We tried it last night...when we put him down at 8:15 he actually went to sleep without any crying...for three hours. Amazing. He woke at 11:15 and I fed him because we started this whole thing earlier than usual and he was rooting. He stopped crying after about 9 minutes and slept for 2 hours. Great. Then it all went south. He woke at 2:30, we did not feed him, it took almost an hour for him to stop crying and he slept for 30 minutes. Then, since it had been 5 hours since his last feeding I fed him again and he laid awake for almost an hour (no crying) but then again slept for only thirty minutes. At this point it was 6:00am so we just got up and fed him and started our day.

Sorry, this is the longest post ever but we are debating whether to try again tonight (and today with naps), or to abandon ship and try at 4 months instead. Trying to deal with the transition out of the car seat, the soothing, and interpret when to feed is really hard!

Thanks for any advice and again sorry for the marathon post...sleep deprived!

Marci said...

P.S. I agree with your view of Healthy Sleep Habits Happy Child. Tons of good little nuggets, but the information was unorganized, repetitive and confusing. I found myself re-reading sections over and over and not knowing what he really recommended! Ferber is much more organized and easy to follow.

bonnie jack said...

My baby was exactly 4 months old when I did the sleep training. I think you just have to trust your intuition on whether or not your baby is ready earlier.

As for whether it is "all or nothing," I kind of took a halfway approach, in two ways. I still swaddled him, which didn't really allow him to fully learn to self soothe, and I still fed him when he woke at night. That worked well for a while, because I didn't feel like he was quite old enough to force the sleeping through the night, and he settled into a pattern of only eating twice a night, which wasn't too bad.

But...I'm not sure this was the right approach. My baby is now almost 9 months old and, though he can fall asleep on his own, he is still not sleeping through the night, and we have failed in several attempts to get him to sleep well without being swaddled. I am actually, this very week, "redoing" his sleep training in an effort to get him to sleep through the night, because I know he's old enough. So for the last 2 nights, I have not been feeding him when he wakes up, but have been checking on him in 15 minute intervals until he falls back asleep. It seems to be going well, but I know better than to declare victory after only two nights.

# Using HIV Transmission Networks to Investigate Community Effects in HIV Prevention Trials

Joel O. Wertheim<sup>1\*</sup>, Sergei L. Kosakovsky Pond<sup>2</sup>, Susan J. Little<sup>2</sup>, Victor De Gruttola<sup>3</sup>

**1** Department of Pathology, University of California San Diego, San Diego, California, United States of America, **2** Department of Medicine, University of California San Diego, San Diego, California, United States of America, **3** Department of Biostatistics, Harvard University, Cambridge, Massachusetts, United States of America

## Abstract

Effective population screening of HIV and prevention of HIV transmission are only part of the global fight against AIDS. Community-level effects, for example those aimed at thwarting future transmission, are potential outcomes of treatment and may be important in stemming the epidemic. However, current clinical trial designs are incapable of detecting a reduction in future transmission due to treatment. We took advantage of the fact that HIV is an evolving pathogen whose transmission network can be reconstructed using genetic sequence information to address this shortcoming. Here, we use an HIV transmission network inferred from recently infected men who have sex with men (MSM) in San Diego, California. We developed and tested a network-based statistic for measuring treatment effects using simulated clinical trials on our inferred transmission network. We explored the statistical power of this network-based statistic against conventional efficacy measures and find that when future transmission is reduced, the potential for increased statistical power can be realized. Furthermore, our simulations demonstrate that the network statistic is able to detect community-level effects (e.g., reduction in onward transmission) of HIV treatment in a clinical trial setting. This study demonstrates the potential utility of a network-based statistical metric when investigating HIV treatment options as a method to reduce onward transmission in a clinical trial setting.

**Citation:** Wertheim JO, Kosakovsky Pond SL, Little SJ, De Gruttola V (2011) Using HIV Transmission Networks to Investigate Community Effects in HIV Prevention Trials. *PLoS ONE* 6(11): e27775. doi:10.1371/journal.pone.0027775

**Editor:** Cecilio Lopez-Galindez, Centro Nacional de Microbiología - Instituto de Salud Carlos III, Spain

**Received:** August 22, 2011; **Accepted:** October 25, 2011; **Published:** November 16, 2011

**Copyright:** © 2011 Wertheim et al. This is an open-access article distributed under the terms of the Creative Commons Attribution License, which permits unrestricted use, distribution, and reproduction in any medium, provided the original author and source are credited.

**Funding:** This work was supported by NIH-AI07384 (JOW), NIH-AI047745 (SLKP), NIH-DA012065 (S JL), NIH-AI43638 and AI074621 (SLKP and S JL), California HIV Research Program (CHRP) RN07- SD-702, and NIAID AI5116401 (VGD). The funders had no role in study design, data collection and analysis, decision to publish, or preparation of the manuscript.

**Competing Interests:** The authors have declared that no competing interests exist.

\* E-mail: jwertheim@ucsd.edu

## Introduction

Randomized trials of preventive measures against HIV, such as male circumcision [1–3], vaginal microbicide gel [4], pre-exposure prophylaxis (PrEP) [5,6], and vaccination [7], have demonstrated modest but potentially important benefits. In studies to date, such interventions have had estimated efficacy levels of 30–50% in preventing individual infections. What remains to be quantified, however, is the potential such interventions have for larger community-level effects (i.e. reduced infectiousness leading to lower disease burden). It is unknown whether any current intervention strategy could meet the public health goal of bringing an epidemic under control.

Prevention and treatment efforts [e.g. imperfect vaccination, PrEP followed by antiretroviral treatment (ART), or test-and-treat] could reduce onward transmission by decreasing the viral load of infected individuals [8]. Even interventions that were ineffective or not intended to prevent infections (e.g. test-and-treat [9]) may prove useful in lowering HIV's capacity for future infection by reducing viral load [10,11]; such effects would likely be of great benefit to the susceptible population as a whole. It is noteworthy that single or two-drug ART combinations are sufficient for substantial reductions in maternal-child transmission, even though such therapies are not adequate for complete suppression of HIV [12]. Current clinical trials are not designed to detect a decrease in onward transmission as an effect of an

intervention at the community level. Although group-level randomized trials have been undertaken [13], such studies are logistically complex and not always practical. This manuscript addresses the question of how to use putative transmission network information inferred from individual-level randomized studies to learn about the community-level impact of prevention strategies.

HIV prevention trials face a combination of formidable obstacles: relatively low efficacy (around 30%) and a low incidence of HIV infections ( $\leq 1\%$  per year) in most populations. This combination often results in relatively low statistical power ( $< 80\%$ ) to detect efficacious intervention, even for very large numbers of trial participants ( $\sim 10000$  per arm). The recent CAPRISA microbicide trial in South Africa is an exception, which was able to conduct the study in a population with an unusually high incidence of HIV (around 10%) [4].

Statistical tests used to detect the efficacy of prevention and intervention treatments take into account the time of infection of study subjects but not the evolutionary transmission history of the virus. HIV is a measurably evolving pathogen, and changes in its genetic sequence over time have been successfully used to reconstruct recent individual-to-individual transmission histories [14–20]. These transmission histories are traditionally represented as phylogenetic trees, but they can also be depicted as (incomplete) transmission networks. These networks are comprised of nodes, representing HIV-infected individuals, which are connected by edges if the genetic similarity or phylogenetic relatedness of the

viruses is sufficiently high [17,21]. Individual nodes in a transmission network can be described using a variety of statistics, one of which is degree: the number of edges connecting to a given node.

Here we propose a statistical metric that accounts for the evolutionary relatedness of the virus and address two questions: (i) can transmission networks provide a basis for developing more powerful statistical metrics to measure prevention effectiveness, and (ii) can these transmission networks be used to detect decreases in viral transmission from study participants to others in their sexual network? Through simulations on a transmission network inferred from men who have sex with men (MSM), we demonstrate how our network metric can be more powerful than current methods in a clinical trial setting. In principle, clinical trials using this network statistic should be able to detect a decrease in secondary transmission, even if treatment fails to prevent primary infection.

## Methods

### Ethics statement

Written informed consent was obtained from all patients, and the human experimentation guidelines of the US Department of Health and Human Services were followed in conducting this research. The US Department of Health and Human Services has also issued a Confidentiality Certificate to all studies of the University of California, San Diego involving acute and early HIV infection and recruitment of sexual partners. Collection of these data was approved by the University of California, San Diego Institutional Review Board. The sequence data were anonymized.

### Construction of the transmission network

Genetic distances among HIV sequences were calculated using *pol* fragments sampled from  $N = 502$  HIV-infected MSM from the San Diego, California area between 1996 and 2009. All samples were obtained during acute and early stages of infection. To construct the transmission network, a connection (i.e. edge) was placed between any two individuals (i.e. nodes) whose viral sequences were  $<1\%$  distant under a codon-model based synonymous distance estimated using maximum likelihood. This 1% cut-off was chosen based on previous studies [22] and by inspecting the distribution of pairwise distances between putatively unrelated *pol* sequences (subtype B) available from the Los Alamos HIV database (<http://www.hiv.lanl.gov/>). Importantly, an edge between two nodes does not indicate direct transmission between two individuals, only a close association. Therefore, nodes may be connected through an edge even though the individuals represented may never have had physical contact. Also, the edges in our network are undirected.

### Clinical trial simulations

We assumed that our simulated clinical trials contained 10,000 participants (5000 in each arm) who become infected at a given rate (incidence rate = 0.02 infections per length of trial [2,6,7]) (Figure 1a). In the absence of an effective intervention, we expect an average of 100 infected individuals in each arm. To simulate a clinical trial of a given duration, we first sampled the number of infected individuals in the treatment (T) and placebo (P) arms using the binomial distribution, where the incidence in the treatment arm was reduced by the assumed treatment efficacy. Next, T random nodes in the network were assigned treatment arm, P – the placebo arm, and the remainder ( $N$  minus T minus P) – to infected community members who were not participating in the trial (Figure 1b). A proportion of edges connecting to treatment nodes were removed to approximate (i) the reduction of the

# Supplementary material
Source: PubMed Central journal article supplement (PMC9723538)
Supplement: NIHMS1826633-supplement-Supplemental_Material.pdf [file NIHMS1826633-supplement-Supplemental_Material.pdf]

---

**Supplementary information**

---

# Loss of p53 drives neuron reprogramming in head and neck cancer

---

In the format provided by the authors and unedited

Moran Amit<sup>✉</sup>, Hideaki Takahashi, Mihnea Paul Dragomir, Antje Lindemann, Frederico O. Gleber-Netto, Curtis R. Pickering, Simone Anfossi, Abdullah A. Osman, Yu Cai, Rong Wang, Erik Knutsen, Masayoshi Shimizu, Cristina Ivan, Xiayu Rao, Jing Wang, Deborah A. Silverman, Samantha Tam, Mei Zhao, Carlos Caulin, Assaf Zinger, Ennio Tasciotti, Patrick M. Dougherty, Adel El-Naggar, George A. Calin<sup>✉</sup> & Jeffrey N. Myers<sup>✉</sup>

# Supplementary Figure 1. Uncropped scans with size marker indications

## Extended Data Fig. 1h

And I am still swaddling him. I have very mixed feelings about the swaddling. It helps him sleep so well that I think it is really good for him to be swaddled. But it becomes a problem when he wiggles out of his blanket in the middle of the night and cannot get back to sleep until I come wrap him back up. So I am not sure what to do about that.

So...I wish I had more helpful advice for you. I am not sure whether you should take a gradual approach--i.e. transition out of the carseat first, then do sleep training, but still allow him to eat once or twice a night, then try to wean him off night feedings...OR just do it all at once, which might seem harsh, but might be easier in the long run. Good luck. I'd love to hear how it goes for you.

Marci said...

Thanks for the quick response, Bonnie! Even though he is only three months, he seems to be responding (i.e. self-soothing) as he has shown he can fall asleep on his own. However, I agree, all at once is hard and last night I struggled with "he's hungry, I need to feed him!" and had many feelings of guilt when we didn't. We are so anxious to get him out of the car seat but it seems the car seat/swaddle combo keeps him from waking himself up...we're convinced last night he woke 4 times b/c of the absence of the car seat more than anything else! I think I will continue the feedings for now. I'll let you know how it goes, and thanks for your advice. Best of luck with your little cutie!

Anonymous said...

Thank you so much for this really helpful post! After nearly four months of total exhaustion, I'm reading Dr Ferber's book. I'm absolutely chomping at the bit to get started -- but I've had the same questions you've had: What to do about night feedings and swaddling?

My son is just about four months old and his sleeping patterns are getting worse, not better. He can't fall asleep without breastfeeding and I think the feedings are starting to cause more night wakings -- whether because his diaper is soaked or because he has to burp.

I think you've convinced me to get rid of the swaddling, but I still am not sure what to do about the night feedings... If I'm reading it right, Dr Ferber recommends that babies who have come to rely on night feedings not be asked to go cold turkey, but that you spread out the time between feedings.

I'm not sure how all of these different factors will interact and whether my husband and I will have the willpower to remain consistent in the face of our baby's screams... I'll report back.